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The rate of pregnancy-related deaths in the U.S. is going up, study shows


The rate of pregnancy-related deaths is going up in the United States. For some groups, it's more than doubled in recent decades, and a new study confirms the trends we've been reporting on NPR for some time. NPR's Pien Huang has details.

PIEN HUANG, BYLINE: The study looks at state-by-state data from 2009 to 2019. It's published in the medical journal JAMA. Co-author Dr. Allison Bryant is an obstetrician at Mass General Hospital in Boston. She says maternal death rates in the U.S. just keep getting worse.

ALLISON BRYANT: And that is exacerbated in populations that have been sort of starkly underserved, or for whom structural racism affects them greatly.

HUANG: Maternal death rates have consistently been highest among Black women, and those high rates have doubled in the past 20 years. For American Indian and Alaska Native people, the rates have tripled. Dr. Gregory Roth at the University of Washington also co-authored the paper. He says efforts to stop pregnancy deaths have not only stalled in areas like the South, where rates have typically been high...

GREGORY ROTH: We're showing that they are worsening in places that are often thought of as having better health.

HUANG: ...Such as New York and New Jersey for Black and Latina mothers, higher death rates in Idaho and New Hampshire for Native Americans and among Asians in Wyoming and Montana. Dr. Catherine Spong at the University of Texas Southwestern Medical Center says pregnancy-related deaths can be caused by different things.

CATHERINE SPONG: The biggest morbid conditions are things such as cardiovascular disease, severe preeclampsia, maternal cardiac disease, hemorrhage.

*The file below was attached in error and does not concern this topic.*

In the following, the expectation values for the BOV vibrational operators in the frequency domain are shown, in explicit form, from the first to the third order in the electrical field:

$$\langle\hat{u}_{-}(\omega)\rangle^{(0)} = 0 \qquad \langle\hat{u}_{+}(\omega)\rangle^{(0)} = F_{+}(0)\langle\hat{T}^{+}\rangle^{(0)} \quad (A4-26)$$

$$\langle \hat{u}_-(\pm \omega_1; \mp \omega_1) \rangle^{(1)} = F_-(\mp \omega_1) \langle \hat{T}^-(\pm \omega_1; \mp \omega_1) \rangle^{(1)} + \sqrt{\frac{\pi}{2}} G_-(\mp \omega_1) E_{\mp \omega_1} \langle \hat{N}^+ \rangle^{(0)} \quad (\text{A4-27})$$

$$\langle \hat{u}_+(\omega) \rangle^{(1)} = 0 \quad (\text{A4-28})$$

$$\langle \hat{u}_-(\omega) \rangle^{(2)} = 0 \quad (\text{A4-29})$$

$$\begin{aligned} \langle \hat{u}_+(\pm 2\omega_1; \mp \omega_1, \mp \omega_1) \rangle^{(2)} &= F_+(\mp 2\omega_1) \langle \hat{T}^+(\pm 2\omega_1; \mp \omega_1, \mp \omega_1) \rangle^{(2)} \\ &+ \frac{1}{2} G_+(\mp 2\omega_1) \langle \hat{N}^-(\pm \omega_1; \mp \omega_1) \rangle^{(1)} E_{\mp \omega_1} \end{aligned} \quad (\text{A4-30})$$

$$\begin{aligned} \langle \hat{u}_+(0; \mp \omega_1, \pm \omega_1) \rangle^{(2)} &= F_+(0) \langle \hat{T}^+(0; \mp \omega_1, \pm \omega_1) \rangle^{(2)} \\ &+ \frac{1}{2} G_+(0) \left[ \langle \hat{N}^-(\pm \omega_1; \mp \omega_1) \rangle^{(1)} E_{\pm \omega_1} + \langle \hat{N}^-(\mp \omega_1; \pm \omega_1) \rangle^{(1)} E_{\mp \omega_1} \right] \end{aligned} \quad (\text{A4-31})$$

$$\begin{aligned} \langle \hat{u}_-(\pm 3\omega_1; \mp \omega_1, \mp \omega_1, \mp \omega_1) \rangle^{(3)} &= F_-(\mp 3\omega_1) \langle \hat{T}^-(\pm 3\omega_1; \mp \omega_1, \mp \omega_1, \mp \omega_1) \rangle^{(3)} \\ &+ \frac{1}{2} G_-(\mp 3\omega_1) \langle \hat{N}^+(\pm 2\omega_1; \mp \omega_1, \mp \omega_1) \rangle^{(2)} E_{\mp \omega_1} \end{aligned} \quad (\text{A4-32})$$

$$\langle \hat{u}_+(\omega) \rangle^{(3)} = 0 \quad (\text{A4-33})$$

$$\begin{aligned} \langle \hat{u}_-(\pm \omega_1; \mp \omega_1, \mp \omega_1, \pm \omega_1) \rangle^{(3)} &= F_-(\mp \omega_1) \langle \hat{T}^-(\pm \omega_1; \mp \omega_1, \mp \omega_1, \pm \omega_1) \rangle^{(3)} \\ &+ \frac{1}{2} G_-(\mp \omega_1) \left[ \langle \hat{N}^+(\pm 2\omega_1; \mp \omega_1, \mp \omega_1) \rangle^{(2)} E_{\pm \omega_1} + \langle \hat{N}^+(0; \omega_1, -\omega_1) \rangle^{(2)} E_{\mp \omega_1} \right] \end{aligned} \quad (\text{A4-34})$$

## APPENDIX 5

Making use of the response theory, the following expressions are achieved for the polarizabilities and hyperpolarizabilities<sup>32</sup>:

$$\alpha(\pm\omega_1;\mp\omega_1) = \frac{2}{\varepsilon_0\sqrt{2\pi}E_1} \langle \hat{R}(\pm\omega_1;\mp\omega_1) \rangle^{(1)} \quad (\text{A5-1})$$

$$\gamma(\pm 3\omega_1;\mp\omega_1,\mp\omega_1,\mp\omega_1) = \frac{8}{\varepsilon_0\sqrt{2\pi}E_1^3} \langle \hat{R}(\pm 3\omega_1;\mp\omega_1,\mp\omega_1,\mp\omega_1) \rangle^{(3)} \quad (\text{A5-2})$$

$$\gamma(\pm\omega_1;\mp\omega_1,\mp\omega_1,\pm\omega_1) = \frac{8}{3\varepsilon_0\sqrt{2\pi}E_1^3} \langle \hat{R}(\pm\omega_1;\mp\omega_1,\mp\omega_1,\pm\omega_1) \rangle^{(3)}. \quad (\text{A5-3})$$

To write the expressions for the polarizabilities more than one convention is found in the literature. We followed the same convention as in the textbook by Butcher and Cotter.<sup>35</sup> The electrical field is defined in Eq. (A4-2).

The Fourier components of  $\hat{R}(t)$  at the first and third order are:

HUANG: Continuing heart problems and mental health conditions can also contribute to the death of a new mother. The researchers say doctors would have a better chance of dealing with these health conditions if more women had access to health care after their babies were born. For those who get their health care through Medicaid, medical coverage lasts at least two months after the birth of a child. Since 2021, states have had the option to extend that coverage for a year. So far, 36 states and Washington, D.C. have done so.

Pien Huang, NPR News.

(SOUNDBITE OF MUSIC) Transcript provided by NPR, Copyright NPR.

NPR transcripts are created on a rush deadline by an NPR contractor. This text may not be in its final form and may be updated or revised in the future. Accuracy and availability may vary. The authoritative record of NPR’s programming is the audio record.

Pien Huang is a health reporter on the Science desk. She was NPR's first Reflect America Fellow, working with shows, desks and podcasts to bring more diverse voices to air and online.